Apartments in cities that are no longer profitable for renting out to foreign tourists have already begun to turn to long-term rentals, which should become cheaper with increasing supply, thus solving the problem for many who don't own their properties. This process is happening, gradually, across the whole of Europe, where many cities have been stifled by the breakthrough of Airbnb and similar platforms, which are now looking for salvation in long-term rentals.

This segment of the Airbnb market could be well-influenced with its tools that streamline and speed up the process and reduce red tape and potential problems. Consequently, the process can also go in the direction of seeing property prices diminish, which has also been a pendulum swinging rapidly due to this kind of "tourism".

With the unburdening of many cities, the hotel industry will benefit from stopping the boom of private rentals, which, whether they like it or not, has become direct and very serious competition. In addition, hotel owners have another opportunity to switch things up and enjoy potentially more favourable terms of contracting with global brands in the post-coronavirus crisis period.

Specifically, although the travel industry has changed rather dramatically over the last ten years, hotel brands persistently adhere to strict regulations and high franchise and management fees. At a time when most hotels in the world have closed their doors, leading hotel brands such as the Marriott or Wyndham allowed delays in investments for their interior, they also reduced their fees and marketing costs, and on top of that - they delayed inspections.

If the right parties manage to meet half way during the coronavirus crisis, hotel owners could end up with looser conditions, with brands making it easier to expand their portfolio to destinations like Croatia, but also the rest of the Mediterranean, which is a ''stronghold'' still mostly dominated by local brands or independent hotels.

In the ongoing coronavirus crisis, guests could also benefit, especially local ones, who make up the main target group of tourism marketing this year, and maybe in 2021, too. Summer 2020 will depend on domestic guests from all European countries, even if the borders are opened. This is an opportunity for Croatia to adapt and implement, for example, the Cro Cards project, and perhaps some new ideas and projects that will encourage Croatian residents to explore the country more.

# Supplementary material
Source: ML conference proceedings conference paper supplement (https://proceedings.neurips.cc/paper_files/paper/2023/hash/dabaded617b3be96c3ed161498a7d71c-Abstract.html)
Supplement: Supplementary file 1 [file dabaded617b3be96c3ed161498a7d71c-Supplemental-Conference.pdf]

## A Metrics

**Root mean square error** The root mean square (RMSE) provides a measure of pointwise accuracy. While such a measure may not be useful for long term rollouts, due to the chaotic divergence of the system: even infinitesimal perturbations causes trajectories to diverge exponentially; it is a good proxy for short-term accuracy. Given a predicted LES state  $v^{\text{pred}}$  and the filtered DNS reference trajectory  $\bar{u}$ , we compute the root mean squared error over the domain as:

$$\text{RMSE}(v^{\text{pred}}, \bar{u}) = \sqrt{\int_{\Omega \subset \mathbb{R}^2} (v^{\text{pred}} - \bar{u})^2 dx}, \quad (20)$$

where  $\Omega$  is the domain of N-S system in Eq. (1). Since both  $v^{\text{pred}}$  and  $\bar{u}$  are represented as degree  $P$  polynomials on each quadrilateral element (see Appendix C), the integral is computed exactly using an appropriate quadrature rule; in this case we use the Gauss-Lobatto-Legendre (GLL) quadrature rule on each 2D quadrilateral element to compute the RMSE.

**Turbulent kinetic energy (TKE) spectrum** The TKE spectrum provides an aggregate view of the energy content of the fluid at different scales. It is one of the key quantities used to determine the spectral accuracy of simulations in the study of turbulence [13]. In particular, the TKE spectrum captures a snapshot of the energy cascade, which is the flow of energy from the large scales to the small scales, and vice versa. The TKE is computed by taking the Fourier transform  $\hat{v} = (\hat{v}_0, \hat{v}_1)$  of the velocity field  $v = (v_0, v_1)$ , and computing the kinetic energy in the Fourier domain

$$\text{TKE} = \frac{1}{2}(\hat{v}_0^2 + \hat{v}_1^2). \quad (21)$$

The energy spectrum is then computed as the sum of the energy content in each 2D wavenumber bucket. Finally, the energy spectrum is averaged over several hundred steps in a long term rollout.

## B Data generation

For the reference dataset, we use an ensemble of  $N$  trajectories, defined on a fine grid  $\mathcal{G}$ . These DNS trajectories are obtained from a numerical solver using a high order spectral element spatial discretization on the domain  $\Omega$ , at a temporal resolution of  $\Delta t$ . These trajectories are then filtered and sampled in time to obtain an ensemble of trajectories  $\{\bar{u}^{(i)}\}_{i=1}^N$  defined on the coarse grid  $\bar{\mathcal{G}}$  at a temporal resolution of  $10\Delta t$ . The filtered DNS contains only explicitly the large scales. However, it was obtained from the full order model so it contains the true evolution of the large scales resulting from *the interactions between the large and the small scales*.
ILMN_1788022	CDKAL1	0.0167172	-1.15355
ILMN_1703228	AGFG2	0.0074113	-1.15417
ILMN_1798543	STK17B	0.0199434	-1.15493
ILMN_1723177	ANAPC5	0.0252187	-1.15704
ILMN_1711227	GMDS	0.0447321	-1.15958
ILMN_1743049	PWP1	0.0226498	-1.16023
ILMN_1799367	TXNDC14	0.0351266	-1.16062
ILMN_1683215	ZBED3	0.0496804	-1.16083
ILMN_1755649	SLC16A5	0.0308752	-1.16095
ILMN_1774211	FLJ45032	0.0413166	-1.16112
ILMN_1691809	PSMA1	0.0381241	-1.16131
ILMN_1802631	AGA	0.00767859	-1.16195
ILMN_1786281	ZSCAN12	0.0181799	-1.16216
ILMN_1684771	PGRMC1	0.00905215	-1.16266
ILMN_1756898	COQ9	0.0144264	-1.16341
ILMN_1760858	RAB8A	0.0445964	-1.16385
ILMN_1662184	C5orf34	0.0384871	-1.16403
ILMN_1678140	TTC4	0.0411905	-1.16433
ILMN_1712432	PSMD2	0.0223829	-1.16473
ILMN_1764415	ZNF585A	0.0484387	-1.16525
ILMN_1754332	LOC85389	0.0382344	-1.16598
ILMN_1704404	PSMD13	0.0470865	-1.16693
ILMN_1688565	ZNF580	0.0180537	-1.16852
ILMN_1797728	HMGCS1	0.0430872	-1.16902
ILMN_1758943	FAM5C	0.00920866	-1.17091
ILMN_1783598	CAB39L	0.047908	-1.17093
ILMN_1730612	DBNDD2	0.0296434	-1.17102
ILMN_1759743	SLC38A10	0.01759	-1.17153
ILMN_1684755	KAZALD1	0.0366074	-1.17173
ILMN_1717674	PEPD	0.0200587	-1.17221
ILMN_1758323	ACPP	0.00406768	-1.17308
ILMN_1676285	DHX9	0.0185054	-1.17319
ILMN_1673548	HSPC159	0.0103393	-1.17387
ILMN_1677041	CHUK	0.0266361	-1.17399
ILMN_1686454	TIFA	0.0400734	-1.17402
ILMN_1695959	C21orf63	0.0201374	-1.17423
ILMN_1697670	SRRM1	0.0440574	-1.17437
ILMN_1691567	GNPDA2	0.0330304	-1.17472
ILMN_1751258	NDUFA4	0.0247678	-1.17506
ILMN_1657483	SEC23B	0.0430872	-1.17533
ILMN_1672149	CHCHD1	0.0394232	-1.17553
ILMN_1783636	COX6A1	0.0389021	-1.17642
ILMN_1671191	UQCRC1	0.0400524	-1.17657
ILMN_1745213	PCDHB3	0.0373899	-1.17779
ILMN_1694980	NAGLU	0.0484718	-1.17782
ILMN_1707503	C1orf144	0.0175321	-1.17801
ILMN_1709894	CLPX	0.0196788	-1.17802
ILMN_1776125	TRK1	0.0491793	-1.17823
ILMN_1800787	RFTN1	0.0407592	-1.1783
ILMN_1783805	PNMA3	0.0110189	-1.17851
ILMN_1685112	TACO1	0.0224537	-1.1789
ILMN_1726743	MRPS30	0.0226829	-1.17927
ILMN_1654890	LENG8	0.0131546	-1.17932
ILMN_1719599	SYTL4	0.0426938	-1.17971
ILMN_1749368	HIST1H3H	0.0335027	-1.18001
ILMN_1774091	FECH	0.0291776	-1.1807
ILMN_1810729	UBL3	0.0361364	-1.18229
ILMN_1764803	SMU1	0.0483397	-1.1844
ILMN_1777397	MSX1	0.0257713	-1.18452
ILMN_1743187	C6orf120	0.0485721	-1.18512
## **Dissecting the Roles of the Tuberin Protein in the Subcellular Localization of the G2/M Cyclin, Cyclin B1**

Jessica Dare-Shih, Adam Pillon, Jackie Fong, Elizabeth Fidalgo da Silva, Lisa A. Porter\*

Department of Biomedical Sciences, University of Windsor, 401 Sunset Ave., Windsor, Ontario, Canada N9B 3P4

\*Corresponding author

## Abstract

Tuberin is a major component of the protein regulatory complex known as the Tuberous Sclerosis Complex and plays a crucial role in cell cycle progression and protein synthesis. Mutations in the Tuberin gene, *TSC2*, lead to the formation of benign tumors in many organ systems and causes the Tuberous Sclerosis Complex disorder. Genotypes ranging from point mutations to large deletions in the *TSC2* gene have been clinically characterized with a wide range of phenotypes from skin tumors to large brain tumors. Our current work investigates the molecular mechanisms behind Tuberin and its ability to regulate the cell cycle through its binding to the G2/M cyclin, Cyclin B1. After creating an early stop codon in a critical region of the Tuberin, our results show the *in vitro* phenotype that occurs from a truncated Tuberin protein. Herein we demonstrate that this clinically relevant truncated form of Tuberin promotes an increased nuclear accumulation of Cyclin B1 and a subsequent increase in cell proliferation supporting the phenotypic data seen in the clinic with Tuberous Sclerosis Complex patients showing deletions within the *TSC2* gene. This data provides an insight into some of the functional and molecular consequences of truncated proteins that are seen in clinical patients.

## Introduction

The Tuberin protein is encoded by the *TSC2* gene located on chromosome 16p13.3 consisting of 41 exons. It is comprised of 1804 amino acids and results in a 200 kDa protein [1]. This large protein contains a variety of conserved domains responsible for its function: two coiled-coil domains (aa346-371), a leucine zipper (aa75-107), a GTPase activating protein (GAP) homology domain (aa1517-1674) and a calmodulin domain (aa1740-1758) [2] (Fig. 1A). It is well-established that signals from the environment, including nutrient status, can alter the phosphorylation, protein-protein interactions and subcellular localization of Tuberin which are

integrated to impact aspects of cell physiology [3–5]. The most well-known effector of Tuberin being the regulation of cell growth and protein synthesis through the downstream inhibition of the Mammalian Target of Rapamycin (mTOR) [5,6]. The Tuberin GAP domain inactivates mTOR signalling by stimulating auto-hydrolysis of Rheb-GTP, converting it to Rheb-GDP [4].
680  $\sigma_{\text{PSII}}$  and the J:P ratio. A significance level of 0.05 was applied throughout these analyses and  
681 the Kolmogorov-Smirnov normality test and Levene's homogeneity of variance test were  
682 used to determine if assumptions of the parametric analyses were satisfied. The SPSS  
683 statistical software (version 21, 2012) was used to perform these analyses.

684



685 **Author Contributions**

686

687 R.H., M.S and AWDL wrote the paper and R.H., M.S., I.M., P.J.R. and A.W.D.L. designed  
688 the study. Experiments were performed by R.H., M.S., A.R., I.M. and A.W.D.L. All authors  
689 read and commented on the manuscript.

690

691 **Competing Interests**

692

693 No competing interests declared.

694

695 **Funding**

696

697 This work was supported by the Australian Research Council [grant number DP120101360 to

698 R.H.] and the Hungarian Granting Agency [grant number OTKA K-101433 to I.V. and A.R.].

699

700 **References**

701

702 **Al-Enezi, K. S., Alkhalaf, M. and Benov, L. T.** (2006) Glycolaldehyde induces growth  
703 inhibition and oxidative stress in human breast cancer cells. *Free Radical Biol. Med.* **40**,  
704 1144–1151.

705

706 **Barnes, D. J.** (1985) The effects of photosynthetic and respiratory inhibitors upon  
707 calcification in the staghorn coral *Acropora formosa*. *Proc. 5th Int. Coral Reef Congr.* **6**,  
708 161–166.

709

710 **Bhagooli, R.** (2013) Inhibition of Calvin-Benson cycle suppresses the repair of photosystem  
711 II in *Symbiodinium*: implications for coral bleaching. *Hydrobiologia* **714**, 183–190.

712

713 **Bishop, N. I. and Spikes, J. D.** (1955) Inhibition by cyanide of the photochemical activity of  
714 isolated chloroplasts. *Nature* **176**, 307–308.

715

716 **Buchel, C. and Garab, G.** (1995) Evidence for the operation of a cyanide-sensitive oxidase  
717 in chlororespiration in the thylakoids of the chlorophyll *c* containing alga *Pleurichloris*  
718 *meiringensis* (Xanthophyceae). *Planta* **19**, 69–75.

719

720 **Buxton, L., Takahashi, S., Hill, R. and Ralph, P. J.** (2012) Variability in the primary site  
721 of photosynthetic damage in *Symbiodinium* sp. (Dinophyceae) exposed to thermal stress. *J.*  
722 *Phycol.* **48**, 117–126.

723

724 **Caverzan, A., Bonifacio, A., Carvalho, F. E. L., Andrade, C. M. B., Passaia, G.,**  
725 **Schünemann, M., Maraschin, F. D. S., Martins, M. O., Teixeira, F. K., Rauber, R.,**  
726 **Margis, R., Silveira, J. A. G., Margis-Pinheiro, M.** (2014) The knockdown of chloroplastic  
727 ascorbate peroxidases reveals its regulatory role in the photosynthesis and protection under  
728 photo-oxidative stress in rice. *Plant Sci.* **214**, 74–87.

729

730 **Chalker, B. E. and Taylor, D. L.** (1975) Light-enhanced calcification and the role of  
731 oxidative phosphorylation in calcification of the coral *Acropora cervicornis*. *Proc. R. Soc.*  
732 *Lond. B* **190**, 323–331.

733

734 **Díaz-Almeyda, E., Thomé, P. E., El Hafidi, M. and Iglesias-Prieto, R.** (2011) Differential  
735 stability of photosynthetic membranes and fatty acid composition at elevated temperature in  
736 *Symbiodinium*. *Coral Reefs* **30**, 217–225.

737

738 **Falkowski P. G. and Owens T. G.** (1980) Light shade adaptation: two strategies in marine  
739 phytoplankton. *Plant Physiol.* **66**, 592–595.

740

The Croatian National Tourist Board (HTZ) and the Ministry of Tourism could use these "lockdown" days to consider, and very carefully so, what they have available in their arsenal in this regard. Just what local entrepreneurs, innovators and local tourism professionals have to offer? It will be a challenging job knowing that Croatian tourists typically make up about 10 percent of tourist traffic, and it's very difficult to convince Croats who simply go to the houses of relatives and friends to spend a kuna or two at a Croatian hotel or guest house, even when they can quite easily afford it.

What does Croatia want in five years?

A lot of energy needs to be invested immediately in devising the right strategy for 2021. It's already clear that due to the collapse awaiting the airline industry, Croatia won't be able to count on distant markets, and therefore in advertising - the country should focus on the European continent, with a particular emphasis on those who plan to arrive in Croatia by car.

Croatia is fortunate that the Germans, Austrians, and the neighbouring Slovenians have long been the base of tourist traffic in this sense, but it should be remembered that their respective governments are, more now than ever, working to keep their tourists within their own countries, too. Consideration should also be given to what travel opportunities the Italians, who have been hit hard by the coronavirus epidemic, will ultimately have.

Safety, availability, excellent hygiene, and a dose of good organisation will be the key benefits of various destinations for as long as the memory of the coronavirus pandemic lasts, and Croatia should take advantage of it.